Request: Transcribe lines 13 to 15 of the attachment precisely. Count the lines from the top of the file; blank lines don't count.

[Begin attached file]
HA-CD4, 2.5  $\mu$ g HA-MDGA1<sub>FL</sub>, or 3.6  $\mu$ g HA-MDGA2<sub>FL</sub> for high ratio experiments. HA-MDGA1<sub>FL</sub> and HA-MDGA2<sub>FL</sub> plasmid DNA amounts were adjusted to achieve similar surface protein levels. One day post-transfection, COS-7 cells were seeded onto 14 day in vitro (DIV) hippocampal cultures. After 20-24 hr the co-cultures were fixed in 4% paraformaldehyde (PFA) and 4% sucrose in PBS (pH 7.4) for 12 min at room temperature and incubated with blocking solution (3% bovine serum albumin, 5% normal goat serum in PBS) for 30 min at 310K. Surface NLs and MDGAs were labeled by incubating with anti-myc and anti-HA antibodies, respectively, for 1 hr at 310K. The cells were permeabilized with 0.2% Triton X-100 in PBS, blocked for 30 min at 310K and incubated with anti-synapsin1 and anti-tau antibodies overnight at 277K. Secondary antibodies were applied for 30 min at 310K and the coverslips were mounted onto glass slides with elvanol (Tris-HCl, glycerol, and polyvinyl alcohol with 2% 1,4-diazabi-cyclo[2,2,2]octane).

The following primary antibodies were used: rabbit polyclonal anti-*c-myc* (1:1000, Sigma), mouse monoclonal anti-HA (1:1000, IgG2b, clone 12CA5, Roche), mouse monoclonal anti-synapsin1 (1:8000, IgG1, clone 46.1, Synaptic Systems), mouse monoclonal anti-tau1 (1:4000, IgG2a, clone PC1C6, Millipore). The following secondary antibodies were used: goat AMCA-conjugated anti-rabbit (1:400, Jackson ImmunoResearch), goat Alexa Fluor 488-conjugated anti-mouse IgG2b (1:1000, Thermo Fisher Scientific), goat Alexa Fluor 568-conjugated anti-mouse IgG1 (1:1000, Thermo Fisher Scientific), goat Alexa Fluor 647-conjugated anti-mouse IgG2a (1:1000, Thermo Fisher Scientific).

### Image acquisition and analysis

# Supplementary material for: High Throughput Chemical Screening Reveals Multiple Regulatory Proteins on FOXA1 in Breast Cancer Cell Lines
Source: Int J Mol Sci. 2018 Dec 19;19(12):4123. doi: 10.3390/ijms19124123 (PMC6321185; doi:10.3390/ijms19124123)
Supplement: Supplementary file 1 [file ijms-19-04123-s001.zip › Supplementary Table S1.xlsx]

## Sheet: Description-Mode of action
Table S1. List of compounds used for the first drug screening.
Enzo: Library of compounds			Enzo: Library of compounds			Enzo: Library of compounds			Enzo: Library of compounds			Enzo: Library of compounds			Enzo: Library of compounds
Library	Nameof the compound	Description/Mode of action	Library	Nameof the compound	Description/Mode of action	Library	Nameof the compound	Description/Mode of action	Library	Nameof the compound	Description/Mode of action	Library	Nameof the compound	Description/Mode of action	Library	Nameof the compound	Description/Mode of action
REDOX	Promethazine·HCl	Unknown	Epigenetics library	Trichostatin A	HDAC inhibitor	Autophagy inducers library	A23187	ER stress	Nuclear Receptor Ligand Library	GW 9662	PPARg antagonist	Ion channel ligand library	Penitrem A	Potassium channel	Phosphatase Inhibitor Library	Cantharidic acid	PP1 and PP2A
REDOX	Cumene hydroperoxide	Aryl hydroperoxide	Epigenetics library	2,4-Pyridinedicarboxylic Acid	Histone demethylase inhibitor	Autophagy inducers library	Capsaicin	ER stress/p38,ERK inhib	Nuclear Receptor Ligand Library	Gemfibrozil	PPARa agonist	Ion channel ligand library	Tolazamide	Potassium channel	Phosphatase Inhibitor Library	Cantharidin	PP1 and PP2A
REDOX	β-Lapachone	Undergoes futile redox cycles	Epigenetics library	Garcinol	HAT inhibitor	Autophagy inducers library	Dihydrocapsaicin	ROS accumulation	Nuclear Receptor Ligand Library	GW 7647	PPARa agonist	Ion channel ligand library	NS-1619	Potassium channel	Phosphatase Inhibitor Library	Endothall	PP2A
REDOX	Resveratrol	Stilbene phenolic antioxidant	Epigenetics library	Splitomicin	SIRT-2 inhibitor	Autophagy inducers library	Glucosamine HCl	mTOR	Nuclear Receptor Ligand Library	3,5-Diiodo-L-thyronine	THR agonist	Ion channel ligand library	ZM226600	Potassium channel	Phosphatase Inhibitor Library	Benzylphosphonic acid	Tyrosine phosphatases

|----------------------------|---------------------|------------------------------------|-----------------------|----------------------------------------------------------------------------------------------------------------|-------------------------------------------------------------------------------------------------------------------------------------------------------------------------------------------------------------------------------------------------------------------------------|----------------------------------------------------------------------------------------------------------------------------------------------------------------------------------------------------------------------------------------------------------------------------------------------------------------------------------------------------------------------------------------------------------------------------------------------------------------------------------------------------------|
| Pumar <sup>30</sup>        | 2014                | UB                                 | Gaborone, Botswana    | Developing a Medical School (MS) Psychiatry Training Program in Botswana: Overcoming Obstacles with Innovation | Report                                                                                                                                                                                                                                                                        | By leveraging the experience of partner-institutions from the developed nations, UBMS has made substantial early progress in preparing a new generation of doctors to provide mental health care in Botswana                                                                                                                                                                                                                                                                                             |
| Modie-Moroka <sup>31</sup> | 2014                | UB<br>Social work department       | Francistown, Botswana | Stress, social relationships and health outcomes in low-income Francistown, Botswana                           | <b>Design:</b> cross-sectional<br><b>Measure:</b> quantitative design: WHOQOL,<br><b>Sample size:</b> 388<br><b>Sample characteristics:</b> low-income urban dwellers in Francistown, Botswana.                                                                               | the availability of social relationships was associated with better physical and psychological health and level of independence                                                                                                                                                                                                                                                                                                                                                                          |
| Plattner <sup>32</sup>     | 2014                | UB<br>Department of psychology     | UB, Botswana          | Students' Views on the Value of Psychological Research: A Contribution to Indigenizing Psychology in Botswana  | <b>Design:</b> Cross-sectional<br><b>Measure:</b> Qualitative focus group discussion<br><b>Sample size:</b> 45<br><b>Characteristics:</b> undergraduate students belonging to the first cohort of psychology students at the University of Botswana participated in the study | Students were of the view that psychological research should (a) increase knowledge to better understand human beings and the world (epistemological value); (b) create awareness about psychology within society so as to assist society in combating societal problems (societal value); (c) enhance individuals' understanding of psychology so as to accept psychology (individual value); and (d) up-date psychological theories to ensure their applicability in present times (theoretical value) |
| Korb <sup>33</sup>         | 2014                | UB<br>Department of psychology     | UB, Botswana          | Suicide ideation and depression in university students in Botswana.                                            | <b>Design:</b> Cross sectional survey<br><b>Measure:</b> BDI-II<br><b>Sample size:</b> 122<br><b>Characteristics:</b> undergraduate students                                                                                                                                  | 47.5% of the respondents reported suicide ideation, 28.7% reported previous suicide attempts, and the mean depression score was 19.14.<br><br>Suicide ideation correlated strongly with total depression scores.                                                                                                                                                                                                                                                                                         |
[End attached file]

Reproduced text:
REDOX	β-Lapachone	Undergoes futile redox cycles	Epigenetics library	Garcinol	HAT inhibitor	Autophagy inducers library	Dihydrocapsaicin	ROS accumulation	Nuclear Receptor Ligand Library	GW 7647	PPARa agonist	Ion channel ligand library	NS-1619	Potassium channel	Phosphatase Inhibitor Library	Endothall	PP2A
REDOX	Resveratrol	Stilbene phenolic antioxidant	Epigenetics library	Splitomicin	SIRT-2 inhibitor	Autophagy inducers library	Glucosamine HCl	mTOR	Nuclear Receptor Ligand Library	3,5-Diiodo-L-thyronine	THR agonist	Ion channel ligand library	ZM226600	Potassium channel	Phosphatase Inhibitor Library	Benzylphosphonic acid	Tyrosine phosphatases

|----------------------------|---------------------|------------------------------------|-----------------------|----------------------------------------------------------------------------------------------------------------|-------------------------------------------------------------------------------------------------------------------------------------------------------------------------------------------------------------------------------------------------------------------------------|----------------------------------------------------------------------------------------------------------------------------------------------------------------------------------------------------------------------------------------------------------------------------------------------------------------------------------------------------------------------------------------------------------------------------------------------------------------------------------------------------------|